NMR Spectroscopy

The Inversion Recovery Experiment

The rate at which the bulk magnetization changes to reach the equilibrium state is characterized by two relaxation times.

The spin-lattice relaxation time, T1 , characterizes the rate at which Mz changes to reach the equilibrium value of Meq. Changes in magnetization along the z axis require changes in the energy of the spin system, thus T1 characterizes the rate at which energy is transferred from the precessing nucleus to the surroundings.

The spin-spin relaxation time, T2 , characterizes the rate at which a collection of precessing nuclei scramble their spin components in the xy plane. Changing Mx and/or My does not involve energy transfer with the surroundings. When there is a component of M in the xy plane, there is a slight excess of nuclei with their spins oriented in a particular direction in the xy plane. Over time, the direction of spins in the xy plane randomizes and both Mx and My decay to zero.

How does one experimentally measure T1 ?

Detection in NMR spectroscopy employs coils along the x and y axes. Therefore one only detects magnetization in the xy plane. That is, one can only measure Mx and My. Because T1 is the time constant for changes in Mz and there is no direct measurement of Mz, one must perform the measurement indirectly.

T1 values are measured using the Inversion Recovery experiment. The pulse sequence of this experiment is

180°x - τ - 90°x - FID

In between the two pulses, the system is allowed to evolve for a time τ . The Inversion Recovery experiment is an example of 2D NMR spectroscopy, because the data set contains two dimensions: t and τ. For each application of this pulse sequence, one obtains an FID that is a function of time t. Each application of this pulse sequence uses a different delay time τ . A Fourier transform is performed on each FID, resulting in a different spectrum for each value of τ .

During the delay time τ, Mz changes and the bulk magnetization evolves towards its equilibrium value, Meq. Recall that, in the absence of a pulse, Mz follows first-order kinetics as it changes to reach the equilibrium state. The time constant is T1.

The 180°x pulse has the effect of inverting Mz from the initial equilibrium value of Meq to -Meq. Following the 180°x pulse, the first-order rate law for how Mz changes over the period of time τ is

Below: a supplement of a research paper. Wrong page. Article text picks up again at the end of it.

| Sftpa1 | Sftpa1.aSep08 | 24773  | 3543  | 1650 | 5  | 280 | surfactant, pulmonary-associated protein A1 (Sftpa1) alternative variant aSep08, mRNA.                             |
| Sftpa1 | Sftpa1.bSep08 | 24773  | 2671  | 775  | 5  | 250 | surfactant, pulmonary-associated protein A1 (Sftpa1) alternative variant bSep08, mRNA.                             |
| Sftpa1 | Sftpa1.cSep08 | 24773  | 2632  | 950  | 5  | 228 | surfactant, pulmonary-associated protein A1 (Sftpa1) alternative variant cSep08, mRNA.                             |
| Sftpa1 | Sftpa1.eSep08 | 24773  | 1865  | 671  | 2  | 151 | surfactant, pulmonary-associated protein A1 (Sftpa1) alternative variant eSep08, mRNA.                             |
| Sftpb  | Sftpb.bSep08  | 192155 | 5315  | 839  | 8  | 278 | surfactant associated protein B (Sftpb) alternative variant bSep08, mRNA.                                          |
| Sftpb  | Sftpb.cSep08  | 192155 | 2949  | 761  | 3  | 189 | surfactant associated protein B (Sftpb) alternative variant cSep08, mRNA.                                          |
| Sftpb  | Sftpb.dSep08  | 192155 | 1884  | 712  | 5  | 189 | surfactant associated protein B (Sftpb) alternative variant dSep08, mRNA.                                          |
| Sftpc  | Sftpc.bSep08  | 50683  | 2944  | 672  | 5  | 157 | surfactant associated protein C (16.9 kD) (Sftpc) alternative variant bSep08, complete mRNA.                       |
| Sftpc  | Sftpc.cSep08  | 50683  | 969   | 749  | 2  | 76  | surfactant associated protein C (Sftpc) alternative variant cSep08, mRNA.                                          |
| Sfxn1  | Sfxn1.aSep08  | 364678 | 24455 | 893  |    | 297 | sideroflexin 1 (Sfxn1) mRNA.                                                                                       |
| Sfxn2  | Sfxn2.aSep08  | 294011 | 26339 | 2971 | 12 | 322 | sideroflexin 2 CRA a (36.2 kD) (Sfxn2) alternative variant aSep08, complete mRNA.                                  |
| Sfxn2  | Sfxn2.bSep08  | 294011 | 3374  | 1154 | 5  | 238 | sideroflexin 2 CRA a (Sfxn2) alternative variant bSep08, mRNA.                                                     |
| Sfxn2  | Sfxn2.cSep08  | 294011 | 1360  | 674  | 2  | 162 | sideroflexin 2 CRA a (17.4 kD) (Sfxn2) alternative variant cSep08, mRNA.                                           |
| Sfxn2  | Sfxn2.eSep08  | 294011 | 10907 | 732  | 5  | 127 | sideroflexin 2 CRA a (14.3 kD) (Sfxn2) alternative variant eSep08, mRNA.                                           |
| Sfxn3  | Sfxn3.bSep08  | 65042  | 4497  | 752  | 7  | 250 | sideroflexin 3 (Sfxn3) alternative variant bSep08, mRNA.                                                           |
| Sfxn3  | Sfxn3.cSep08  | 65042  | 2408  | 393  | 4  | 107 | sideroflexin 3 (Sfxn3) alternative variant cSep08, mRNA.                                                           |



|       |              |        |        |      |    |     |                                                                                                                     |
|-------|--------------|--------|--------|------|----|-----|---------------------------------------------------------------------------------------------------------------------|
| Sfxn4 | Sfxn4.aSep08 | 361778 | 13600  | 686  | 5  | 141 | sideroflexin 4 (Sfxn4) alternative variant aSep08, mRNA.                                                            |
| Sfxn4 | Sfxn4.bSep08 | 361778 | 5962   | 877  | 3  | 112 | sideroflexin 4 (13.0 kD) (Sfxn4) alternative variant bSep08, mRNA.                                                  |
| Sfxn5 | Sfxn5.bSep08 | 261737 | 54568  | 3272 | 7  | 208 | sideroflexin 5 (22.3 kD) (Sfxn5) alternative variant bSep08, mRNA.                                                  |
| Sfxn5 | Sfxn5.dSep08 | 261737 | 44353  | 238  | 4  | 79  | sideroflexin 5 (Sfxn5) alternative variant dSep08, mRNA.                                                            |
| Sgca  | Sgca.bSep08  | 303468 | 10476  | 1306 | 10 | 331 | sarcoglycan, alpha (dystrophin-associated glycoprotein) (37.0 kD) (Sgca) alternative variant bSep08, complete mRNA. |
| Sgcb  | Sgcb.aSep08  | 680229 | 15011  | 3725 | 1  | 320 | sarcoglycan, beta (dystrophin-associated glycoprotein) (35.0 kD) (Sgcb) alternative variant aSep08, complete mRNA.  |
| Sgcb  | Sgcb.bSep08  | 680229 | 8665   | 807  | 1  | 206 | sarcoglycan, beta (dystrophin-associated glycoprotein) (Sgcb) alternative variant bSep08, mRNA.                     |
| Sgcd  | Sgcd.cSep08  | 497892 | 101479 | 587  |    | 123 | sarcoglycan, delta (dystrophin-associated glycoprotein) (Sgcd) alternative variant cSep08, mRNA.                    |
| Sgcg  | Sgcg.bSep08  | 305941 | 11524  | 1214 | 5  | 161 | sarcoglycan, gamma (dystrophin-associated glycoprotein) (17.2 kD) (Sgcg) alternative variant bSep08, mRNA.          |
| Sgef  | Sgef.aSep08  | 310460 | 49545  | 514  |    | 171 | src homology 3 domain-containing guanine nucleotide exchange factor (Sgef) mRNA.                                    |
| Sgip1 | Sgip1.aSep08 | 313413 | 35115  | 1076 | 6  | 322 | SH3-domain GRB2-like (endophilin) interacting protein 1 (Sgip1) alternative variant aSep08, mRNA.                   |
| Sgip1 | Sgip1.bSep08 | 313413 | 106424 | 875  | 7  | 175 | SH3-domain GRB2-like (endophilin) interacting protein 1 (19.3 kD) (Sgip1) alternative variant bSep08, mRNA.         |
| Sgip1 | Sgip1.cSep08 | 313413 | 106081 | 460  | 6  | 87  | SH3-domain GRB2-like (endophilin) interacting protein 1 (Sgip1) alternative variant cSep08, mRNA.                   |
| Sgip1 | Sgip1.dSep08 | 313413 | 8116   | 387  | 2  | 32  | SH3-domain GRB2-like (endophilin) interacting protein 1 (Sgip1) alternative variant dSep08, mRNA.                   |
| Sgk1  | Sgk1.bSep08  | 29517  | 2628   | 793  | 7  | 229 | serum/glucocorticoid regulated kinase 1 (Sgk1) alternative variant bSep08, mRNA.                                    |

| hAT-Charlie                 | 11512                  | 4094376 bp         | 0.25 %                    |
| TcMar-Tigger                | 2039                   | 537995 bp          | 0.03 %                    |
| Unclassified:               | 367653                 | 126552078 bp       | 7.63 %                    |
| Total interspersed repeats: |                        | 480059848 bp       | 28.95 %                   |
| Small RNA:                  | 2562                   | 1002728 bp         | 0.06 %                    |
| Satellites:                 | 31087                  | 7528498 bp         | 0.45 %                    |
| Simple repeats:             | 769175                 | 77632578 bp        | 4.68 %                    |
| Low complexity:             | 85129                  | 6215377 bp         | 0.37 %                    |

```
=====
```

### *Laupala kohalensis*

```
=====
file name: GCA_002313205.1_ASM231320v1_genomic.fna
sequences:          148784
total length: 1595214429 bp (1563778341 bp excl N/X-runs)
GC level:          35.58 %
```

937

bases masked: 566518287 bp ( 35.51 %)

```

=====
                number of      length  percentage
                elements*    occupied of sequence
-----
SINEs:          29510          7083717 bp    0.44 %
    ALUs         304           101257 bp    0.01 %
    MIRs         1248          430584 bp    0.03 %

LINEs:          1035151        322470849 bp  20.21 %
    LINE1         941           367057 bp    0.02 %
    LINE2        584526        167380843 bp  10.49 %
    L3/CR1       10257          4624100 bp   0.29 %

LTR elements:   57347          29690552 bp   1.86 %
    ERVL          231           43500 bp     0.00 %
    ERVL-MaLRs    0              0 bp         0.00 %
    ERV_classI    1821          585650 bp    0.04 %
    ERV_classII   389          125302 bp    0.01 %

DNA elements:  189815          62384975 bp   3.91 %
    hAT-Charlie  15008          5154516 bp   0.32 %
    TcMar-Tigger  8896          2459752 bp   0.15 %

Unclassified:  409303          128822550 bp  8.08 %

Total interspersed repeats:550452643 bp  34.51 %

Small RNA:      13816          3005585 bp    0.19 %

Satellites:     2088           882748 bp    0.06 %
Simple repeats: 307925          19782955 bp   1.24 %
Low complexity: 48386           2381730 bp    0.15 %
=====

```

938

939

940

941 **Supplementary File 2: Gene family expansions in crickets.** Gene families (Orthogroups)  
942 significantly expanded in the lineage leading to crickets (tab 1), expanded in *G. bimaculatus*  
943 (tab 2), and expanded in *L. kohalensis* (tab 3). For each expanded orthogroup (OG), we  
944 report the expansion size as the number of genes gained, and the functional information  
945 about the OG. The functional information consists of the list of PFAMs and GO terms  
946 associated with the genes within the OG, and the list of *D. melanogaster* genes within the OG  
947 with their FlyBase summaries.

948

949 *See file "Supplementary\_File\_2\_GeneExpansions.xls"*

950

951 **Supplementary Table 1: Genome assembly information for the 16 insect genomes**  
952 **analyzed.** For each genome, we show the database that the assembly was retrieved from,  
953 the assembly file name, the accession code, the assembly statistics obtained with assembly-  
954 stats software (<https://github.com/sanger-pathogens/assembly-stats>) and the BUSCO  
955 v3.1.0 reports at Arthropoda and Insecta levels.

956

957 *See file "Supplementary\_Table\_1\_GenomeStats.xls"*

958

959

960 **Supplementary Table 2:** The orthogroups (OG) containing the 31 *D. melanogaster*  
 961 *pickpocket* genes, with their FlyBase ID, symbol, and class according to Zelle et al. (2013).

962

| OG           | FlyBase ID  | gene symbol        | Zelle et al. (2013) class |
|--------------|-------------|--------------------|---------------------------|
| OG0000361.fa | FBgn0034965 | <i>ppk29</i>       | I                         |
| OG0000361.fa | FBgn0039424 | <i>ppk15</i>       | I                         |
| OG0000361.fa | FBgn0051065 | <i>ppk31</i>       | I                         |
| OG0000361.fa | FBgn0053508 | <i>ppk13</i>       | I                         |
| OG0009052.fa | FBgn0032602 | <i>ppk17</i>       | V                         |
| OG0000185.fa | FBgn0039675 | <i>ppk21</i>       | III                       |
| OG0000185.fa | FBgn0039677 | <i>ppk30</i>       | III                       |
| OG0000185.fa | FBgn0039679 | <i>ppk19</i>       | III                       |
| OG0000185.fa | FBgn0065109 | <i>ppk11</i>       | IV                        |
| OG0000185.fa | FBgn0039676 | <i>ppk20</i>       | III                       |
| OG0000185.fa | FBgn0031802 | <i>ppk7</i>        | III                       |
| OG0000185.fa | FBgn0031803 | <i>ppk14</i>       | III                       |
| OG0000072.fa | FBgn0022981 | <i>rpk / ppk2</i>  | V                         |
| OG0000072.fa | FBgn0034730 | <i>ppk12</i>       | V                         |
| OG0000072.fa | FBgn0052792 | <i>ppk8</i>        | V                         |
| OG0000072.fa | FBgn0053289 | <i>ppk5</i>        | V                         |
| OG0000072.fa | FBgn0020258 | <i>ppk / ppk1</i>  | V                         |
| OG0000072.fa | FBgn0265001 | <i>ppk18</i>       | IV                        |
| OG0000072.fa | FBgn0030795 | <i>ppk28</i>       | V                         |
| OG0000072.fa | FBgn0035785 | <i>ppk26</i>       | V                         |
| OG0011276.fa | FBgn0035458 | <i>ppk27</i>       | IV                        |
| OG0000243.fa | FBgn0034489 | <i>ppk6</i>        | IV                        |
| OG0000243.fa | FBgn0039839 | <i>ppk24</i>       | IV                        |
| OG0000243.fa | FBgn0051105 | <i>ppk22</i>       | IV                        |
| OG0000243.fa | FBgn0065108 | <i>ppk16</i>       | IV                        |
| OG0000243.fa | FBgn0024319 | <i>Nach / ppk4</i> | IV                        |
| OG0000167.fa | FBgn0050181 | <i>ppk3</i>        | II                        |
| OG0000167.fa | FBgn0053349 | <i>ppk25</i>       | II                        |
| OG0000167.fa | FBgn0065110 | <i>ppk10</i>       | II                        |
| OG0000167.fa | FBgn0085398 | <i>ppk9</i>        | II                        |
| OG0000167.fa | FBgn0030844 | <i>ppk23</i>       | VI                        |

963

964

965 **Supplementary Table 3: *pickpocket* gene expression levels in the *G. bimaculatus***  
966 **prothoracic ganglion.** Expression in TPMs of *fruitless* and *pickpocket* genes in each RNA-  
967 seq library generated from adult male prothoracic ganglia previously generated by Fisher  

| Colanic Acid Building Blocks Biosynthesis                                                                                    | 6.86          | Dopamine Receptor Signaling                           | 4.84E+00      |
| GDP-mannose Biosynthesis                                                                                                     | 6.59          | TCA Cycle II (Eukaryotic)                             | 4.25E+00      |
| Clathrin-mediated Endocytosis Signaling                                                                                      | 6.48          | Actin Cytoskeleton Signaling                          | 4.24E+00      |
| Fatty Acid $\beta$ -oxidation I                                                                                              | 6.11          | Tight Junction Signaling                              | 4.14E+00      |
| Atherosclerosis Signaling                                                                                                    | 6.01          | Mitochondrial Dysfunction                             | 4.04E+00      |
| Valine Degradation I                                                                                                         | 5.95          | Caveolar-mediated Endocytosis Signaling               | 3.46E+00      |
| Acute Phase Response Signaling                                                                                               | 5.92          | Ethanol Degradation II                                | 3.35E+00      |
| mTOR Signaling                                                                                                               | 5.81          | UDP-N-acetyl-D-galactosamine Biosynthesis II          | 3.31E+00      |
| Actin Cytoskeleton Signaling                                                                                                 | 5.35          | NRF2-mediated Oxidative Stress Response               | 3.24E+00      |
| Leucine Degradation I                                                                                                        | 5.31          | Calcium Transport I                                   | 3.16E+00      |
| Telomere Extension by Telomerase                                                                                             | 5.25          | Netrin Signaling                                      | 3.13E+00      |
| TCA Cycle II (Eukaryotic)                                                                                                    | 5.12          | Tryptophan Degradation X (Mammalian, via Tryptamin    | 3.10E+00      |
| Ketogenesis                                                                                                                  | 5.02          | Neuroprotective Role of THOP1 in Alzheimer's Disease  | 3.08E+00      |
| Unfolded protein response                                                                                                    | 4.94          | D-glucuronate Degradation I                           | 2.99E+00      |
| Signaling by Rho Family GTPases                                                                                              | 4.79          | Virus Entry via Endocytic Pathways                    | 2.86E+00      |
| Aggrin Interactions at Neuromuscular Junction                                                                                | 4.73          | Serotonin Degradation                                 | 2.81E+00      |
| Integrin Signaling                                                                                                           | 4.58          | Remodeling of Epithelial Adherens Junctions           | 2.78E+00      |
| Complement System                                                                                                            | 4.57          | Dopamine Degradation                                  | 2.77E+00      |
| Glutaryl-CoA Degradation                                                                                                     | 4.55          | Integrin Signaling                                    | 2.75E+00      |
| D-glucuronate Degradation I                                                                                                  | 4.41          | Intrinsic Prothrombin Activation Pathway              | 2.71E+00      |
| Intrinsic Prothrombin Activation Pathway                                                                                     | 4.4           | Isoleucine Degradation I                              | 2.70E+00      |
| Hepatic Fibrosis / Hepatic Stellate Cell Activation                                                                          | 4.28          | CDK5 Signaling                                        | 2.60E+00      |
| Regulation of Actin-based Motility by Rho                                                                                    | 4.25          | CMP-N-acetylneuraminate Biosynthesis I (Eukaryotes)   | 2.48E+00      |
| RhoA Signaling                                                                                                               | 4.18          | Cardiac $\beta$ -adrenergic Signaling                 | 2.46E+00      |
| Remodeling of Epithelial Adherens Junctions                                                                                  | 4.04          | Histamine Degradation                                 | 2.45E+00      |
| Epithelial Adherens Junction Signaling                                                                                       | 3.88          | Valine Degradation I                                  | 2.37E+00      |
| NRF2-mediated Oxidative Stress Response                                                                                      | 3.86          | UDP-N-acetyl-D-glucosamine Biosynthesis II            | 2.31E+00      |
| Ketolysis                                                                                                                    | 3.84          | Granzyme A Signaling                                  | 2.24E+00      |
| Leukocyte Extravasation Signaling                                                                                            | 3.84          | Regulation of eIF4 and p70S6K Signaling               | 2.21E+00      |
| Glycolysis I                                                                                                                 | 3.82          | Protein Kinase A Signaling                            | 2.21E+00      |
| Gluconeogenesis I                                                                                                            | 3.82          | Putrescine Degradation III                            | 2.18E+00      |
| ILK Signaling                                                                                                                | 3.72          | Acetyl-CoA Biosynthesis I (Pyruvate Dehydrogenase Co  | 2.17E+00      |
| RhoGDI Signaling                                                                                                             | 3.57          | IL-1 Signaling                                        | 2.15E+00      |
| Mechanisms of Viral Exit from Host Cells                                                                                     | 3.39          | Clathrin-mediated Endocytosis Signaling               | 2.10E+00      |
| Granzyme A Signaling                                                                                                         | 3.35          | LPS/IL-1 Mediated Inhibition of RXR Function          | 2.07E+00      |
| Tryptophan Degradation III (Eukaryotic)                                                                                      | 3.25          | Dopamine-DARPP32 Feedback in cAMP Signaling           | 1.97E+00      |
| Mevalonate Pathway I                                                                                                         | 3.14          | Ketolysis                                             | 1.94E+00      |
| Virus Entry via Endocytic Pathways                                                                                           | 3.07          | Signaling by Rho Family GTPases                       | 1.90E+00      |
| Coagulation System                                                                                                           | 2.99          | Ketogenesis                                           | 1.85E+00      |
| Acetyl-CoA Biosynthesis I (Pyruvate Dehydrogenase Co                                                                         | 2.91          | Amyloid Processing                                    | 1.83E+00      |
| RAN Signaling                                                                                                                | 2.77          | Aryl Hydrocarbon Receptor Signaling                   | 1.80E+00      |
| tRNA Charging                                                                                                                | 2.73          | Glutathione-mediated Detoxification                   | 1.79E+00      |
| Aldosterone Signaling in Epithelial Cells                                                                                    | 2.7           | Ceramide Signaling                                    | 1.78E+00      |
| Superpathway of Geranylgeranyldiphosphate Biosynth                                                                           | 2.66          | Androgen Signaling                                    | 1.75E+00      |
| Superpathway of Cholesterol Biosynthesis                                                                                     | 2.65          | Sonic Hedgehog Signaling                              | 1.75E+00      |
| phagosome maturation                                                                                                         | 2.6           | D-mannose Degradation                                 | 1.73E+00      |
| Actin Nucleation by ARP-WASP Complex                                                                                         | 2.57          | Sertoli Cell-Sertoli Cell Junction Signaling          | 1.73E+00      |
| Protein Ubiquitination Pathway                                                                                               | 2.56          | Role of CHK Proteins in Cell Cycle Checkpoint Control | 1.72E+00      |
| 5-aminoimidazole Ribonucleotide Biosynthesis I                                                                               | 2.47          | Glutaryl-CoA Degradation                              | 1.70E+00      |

Mz   =   Meq ( 1 - 2 exp( - τ / T1 ))

Because Mz can be positive or negative just before the 90°x - FID portion of the sequence, the peak in the spectrum can be positive or negative. In practice, one measures the peak height associated with various values for τ. The data set is then curve-fit to an exponential decay to obtain the time constant T1.

A short cut is to perform the experiment for various value of τ until one identifies the value for which the spectrum is completely flat (no peak, positive or negative). The flat spectrum results from Mz = 0 just before the 90°x pulse. At this value of τ

1   =   2 exp( - τ / T1 )

T1   =  
τ ln 2


The animation below simulates the Inversion Recovery experiment. There is only one type of nuclei, which precesses at 300. Hz in the rotating frame. The simulation executes one step at a time, so you can visualize what is happening in each step. Only the FID portion of the pulse sequence is graphed. After completing the pulse sequence, click on the Plot Spectrum button to perform the FFT on the FID and graph the resulting spectrum.

Carefully observe the behavior of M (represented by the green arrow in the animation).
How is this pulse sequence able to measure T1 ?
How is it possible to measure relaxation of Mz using only measurements of Mx and My ?

Perform the simulation several times using different values of τ between 0 and 10. sec and observe the effect of τ on the spectrum.

In practice, the 90°x pulse would only require about 10 μsec and the 180°x pulse about 20 μsec. The animation is 100,000 times slower to allow you to clearly see the behavior of M.

Although the FID is acquired over a realistic period of time, the precession around the z axis occurs 100 time slower than is represented in the spectrum.

Answer the following questions.



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